Kruip shared a fond interest in the monochrome painting and slow cinema that informed the installation Cinemascope. When seated on a bench in a dark space, the visitors watch a play of monochrome landscapes led by the 10 theatre spotlights. As opposed to moving images produced digitally by the projector, this analogically motivated display lets the viewers absorb the gradual movement of the immaterial landscape. The empty film screens invite the viewer to project their vision onto that monochrome light canvas. The light is like a mirror that looks back at you: with this piece, the viewer is the recorder and projector at the same time. It is the gradual movement of the work that gives agency to the audience to experience the tangible spaces and how far they are instrumental to realising the behavioural response to the architecture.
To offer a parallel between the current work, Cinemascope, and previous installation, Drop, Kruip expounds, “The empty film screens that construct my light installation, Cinemascope, start with a square ratio before gradually expanding to reach a six-meter wide-ratio called ‘Polyvision’. Cinemascope shows how the viewer’s eye, perception and narrative can expand while contemplating the light. This work actually communicates with a work I made in 2017 called Drop. It is an optical device that enlarges and projects the image of a falling drop of water in motion: the projector doubles up as a camera to make the individual ‘live’ moments of falling water visible to the human eye. Whilst producing 60 images of drops per second, the illusion perceived by the viewer is that of a single floating drop. Therefore, what you are looking at is an illusion created at the moment, through time and light, by an optical device”.
The last set of installation Resonance, or the “sonic paintings” as the artist prefers to call it, is an “encounter of the artistic gestures of the two first rooms”. Kruip gives a physical reality of the cinema screen to the work: the bent shape of the screen turns into an acoustic shield with small brass percussion lines. As someone well-versed with sculptural installations and performance art, she mentions, “I often work with hybrid media: a sculpture functions as a musical instrument, a light piece becomes a theatre play, a text-based work constitutes the base of performance”. Kruip gives an example of an on-going work, A Square Spoken, to further illuminate on the overlaps of the mediums, “The script for this one-on-one performance is drawn from historical quotes on the concept of the square by artists, scientists and historians including Kazimir Malevich, Josef Albers, Toni Morrison or Carl Jung, among others. In the process, A Square Spoken revisits and recontextualises historical and art historical shifts in understanding of the square as a form and concept, as well as the new meanings it has acquired over time. This performance attempts to grasp the fact that an abstract shape does not illustrate anything in itself”.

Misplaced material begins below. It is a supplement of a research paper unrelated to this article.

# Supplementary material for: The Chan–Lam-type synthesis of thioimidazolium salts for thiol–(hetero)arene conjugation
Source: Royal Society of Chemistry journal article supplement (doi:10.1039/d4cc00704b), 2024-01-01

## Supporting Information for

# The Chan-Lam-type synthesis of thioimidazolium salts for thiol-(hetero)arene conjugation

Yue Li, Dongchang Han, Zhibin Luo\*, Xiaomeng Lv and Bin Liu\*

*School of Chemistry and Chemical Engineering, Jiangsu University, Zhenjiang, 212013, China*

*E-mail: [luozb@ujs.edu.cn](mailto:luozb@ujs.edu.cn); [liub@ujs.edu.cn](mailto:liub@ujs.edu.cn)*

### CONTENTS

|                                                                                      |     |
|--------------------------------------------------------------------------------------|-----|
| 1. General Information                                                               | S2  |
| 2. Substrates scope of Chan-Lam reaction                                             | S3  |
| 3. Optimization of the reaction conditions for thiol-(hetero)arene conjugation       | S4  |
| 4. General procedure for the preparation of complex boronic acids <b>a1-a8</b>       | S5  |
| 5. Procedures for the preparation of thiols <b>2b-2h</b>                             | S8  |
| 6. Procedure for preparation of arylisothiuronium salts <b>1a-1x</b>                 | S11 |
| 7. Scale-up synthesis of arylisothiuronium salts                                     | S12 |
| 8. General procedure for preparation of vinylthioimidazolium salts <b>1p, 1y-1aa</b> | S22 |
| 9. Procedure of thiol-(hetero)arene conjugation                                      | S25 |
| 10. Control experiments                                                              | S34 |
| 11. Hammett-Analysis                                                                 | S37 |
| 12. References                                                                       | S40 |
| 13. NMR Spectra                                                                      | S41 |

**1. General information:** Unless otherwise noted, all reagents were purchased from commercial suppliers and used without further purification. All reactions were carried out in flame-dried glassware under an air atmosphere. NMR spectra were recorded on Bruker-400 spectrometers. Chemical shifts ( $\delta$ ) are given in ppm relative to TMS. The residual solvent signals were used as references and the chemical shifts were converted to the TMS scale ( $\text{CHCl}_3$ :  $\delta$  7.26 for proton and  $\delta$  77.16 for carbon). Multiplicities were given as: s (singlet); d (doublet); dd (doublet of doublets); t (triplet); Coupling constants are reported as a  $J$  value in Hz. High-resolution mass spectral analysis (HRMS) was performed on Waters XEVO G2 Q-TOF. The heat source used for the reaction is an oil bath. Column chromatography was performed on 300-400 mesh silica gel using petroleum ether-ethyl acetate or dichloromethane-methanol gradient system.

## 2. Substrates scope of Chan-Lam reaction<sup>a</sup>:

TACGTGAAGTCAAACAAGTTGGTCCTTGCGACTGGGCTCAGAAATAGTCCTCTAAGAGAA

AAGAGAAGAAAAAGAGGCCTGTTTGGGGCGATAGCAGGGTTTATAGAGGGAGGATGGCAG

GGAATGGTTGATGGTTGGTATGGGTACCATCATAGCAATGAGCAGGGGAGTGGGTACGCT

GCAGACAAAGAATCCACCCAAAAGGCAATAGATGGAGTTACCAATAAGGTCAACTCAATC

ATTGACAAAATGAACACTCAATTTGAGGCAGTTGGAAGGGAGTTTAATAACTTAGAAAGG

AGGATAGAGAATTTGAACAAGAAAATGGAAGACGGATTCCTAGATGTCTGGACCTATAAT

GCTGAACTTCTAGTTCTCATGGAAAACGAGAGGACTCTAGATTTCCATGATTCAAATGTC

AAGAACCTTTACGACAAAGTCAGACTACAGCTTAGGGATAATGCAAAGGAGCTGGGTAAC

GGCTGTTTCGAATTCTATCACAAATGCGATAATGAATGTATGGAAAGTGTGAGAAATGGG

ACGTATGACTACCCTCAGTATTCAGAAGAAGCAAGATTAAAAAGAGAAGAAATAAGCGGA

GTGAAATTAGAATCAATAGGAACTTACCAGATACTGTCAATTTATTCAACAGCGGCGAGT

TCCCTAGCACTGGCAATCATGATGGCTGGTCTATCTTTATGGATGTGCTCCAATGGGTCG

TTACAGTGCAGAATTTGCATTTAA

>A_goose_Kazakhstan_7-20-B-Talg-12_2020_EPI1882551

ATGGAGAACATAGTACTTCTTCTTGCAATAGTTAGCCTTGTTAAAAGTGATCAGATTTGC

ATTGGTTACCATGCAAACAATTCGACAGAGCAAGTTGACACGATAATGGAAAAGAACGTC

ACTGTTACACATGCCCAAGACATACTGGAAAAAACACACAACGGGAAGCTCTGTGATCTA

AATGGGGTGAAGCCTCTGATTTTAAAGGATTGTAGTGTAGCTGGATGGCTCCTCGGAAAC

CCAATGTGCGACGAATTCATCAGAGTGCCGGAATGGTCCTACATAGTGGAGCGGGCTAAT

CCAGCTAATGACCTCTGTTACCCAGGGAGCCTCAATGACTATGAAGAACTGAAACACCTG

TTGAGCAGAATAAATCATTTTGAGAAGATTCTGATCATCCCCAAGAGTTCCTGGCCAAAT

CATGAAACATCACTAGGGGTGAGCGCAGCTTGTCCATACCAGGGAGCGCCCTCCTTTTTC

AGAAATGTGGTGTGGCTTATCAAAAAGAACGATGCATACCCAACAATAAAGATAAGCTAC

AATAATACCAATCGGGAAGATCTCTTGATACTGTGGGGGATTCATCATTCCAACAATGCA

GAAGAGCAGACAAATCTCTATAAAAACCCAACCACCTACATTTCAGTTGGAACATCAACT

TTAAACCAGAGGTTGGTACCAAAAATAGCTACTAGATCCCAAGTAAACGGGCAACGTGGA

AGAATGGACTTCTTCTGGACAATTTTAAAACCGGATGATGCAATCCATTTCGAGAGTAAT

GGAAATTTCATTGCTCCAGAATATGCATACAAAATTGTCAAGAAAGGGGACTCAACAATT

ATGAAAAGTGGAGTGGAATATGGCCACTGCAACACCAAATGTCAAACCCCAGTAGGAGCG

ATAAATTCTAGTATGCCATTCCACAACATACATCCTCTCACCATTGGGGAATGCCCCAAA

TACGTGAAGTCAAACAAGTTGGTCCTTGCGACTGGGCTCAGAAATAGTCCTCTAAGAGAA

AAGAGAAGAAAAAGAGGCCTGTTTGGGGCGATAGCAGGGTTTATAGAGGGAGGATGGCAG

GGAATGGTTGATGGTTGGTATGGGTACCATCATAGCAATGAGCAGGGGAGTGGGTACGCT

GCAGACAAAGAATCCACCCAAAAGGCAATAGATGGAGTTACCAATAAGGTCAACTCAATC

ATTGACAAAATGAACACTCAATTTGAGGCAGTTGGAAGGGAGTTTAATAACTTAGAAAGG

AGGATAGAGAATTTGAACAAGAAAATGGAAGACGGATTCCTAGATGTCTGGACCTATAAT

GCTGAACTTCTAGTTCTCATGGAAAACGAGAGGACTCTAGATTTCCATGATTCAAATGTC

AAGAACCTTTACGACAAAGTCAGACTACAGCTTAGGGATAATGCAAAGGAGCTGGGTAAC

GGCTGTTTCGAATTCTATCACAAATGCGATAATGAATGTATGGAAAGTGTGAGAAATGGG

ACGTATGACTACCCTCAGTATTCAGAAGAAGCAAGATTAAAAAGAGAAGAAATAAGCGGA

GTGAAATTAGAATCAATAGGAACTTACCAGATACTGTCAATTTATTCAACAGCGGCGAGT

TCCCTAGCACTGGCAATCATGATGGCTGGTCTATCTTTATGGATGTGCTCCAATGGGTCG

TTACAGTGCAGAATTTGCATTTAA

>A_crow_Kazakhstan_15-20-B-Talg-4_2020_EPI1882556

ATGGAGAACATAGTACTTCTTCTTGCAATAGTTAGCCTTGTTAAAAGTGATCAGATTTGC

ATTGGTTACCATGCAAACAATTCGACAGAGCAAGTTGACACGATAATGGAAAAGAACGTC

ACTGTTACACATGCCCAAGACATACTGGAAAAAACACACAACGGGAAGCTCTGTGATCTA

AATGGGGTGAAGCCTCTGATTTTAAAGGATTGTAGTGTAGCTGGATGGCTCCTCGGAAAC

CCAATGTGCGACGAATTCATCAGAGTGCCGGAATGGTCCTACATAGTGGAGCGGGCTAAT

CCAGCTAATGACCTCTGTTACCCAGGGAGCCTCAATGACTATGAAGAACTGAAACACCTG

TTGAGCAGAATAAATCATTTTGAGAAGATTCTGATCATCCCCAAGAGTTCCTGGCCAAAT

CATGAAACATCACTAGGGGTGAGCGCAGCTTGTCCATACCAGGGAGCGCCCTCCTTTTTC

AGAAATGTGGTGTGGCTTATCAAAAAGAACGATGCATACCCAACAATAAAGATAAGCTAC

The kinetic sculptures embellished with minimalism invite the viewers to participate in the meaning-making exercise. For Kruip she is not the sole creator of the work, but the “visitors activate the works alongside myself,” to have a subtle rendezvous with self-introspection.
The exhibition Screenplay runs at Axel Vervoordt Gallery until July 10, 2021.